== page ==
#include “clips.h”


/*

Use DefineFunction2(“sample4”,'m',PTIF sample4,“sample4”,“00”);

*/


void sample4(

DATA_OBJECT_PTR returnValuePtr)

{

void *multifieldPtr;


/*===================================*/

/* Check for exactly zero arguments. */

/*===================================*/


if (ArgCountCheck(“sample4”,EXACTLY,0) == -1)

{

SetMultifieldErrorValue(returnValuePtr);

return;

}


/*========================================*/

/* Create a multi-field value of length 2 */

/*========================================*/


multifieldPtr = CreateMultifield(2);


/*============================================*/

/* The first field in the multi-field value */

/* will be a SYMBOL. Its value will be */

/* “altitude”. */

/*============================================*/


SetMFType(multifieldPtr,1,SYMBOL);

SetMFValue(multifieldPtr,1,AddSymbol(“altitude”));


/*===========================================*/

/* The second field in the multi-field value */

/* will be a FLOAT. Its value will be 900. */

/*===========================================*/


SetMFType(multifieldPtr,2,FLOAT);

SetMFValue(multifieldPtr,2,AddDouble(900.0));


/*======================================================*/

/* Assign the type and value to the return DATA_OBJECT. */

/*======================================================*/


SetpType(returnValuePtr,MULTIFIELD);

SetpValue(returnValuePtr,multifieldPtr);


/*=================================================*/

/* The length of our multi-field value will be 2. */

/* Since we will create our own multi-field value */

/* the begin and end indexes to our function will */

/* be 1 and the length of the multi-field value */

/* respectively. If we are examining a multi-field */

/* value, or using an existing multi-field value */

/* to create a new multi-field value, then the */

/* begin and end indexes may not correspond to 1 */

/* and the length of the multi-field value. */

/*=================================================*/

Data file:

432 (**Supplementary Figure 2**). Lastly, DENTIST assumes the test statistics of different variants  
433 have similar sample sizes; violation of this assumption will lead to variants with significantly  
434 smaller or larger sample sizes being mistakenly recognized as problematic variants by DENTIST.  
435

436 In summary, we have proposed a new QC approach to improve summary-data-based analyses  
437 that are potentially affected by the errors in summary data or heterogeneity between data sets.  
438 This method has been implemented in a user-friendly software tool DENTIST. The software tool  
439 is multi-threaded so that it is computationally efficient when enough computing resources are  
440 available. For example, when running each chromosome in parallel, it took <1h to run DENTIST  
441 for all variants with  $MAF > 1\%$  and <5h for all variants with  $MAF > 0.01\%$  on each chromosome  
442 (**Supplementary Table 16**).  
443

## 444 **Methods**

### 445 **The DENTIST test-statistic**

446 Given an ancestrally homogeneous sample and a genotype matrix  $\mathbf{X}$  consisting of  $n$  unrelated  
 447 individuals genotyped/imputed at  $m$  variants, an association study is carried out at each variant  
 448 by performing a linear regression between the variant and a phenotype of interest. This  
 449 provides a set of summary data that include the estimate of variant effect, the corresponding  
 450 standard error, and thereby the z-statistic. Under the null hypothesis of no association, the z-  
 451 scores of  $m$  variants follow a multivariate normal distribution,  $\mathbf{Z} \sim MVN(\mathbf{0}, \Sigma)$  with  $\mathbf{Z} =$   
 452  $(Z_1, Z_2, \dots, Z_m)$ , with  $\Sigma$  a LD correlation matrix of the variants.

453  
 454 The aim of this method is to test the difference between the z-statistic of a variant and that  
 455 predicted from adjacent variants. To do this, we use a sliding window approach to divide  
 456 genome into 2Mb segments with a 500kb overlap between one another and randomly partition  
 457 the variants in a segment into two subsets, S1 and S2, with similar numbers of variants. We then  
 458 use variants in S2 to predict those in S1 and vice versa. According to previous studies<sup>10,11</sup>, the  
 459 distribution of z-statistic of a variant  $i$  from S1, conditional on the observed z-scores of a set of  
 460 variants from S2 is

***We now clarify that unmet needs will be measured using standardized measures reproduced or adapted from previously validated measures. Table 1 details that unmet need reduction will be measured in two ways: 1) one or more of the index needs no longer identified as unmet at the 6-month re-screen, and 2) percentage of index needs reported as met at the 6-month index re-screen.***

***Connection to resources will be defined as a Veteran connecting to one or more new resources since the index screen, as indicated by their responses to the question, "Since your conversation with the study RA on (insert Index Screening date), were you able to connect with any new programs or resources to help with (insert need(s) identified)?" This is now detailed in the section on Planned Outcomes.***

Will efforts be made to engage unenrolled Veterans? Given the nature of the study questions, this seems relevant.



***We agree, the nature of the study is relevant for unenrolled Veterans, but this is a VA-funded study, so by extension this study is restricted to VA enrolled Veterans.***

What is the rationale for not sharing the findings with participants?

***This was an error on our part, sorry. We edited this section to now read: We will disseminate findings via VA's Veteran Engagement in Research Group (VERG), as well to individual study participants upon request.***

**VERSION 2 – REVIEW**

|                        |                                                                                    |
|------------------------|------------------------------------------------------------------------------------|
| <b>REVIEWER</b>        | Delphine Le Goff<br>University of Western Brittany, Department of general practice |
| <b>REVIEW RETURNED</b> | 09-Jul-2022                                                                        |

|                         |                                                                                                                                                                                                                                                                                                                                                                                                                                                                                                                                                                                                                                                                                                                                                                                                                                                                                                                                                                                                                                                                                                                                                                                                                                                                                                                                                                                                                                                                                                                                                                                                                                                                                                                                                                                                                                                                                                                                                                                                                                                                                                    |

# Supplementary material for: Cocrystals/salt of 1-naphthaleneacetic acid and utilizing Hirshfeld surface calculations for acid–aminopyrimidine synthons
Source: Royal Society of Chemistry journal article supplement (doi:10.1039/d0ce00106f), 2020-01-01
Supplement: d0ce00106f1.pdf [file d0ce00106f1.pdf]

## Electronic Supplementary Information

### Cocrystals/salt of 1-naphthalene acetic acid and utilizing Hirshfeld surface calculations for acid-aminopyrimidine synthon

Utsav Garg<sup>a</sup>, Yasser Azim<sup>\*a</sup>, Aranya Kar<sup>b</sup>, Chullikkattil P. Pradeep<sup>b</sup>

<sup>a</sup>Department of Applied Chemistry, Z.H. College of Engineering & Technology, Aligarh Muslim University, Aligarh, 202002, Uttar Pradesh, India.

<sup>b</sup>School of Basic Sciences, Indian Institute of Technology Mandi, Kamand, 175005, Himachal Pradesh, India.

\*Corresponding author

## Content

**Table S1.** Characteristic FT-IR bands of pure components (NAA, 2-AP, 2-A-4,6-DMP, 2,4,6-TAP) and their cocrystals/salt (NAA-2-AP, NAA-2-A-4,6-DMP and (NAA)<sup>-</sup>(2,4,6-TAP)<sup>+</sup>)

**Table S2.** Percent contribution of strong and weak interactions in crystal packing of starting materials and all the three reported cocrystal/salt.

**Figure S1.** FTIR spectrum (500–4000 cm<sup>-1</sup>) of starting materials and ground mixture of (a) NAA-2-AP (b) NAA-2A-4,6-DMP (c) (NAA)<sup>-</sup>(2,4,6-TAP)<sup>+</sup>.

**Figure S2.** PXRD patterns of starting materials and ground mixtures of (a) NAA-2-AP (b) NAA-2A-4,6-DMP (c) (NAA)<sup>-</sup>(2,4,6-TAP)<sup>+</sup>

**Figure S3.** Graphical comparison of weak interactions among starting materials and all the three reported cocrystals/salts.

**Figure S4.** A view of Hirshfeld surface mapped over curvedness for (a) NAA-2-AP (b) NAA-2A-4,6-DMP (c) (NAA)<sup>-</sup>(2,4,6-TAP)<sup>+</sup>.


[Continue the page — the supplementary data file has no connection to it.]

SetpDOBegin(returnValuePtr,1);

SetpDOEnd(returnValuePtr,2);


return;

}


The following example returns all but the first field of a multifield value:


#include “clips.h”


/*

Use DefineFunction2(“rest”,'m',PTIF rest,“rest”,“11m”);

*/


void rest(

DATA_OBJECT_PTR returnValuePtr)

{

/*=================================*/

/* Check for exactly one argument. */

/*=================================*/


if (ArgCountCheck(“rest”,EXACTLY,1) == -1)

{

SetMultifieldErrorValue(returnValuePtr);

return;

}


/*=========================*/

/* Check for a MULTIFIELD. */

/*=========================*/


if (ArgTypeCheck(“rest”,1,MULTIFIELD,returnValuePtr) == 0)

{

SetMultifieldErrorValue(returnValuePtr);

return;

}


/*===================================================*/

/* Don't bother with a zero length multifield value. */

/*===================================================*/


if (GetpDOBegin(returnValuePtr) > GetpDOEnd(returnValuePtr))

{ return; }


/*===================================*/

/* Increment the begin index by one. */

/*===================================*/


SetpDOBegin(returnValuePtr,GetpDOBegin(returnValuePtr) + 1);

}

3.4 User Defined Function Example

This section lists the steps needed to define and implement a user defined function. The example given is somewhat trivial, but it demonstrates the point. The user function merely triples a number and returns the new value.


1) Copy all of the CLIPS source code file to the user directory.


2) Define the user function in a new file.


#include “clips.h”

double TripleNumber()
{

return(3.0 * RtnDouble(1));

}


The preceding function does the job just fine. The following function, however, accom­plishes the same purpose while providing error handling on arguments and allowing either an integer or double return value.


#include “clips.h”

void TripleNumber(

DATA_OBJECT_PTR returnValuePtr)

{

void *value;

long longValue;

double doubleValue;


/*===============================================*/

/* If illegal arguments are passed, return zero. */

/*===============================================*/


if (ArgCountCheck(“triple”,EXACTLY,1) == -1)

{

SetpType(returnValuePtr,INTEGER);

SetpValue(returnValuePtr,AddLong(0L));

return;

}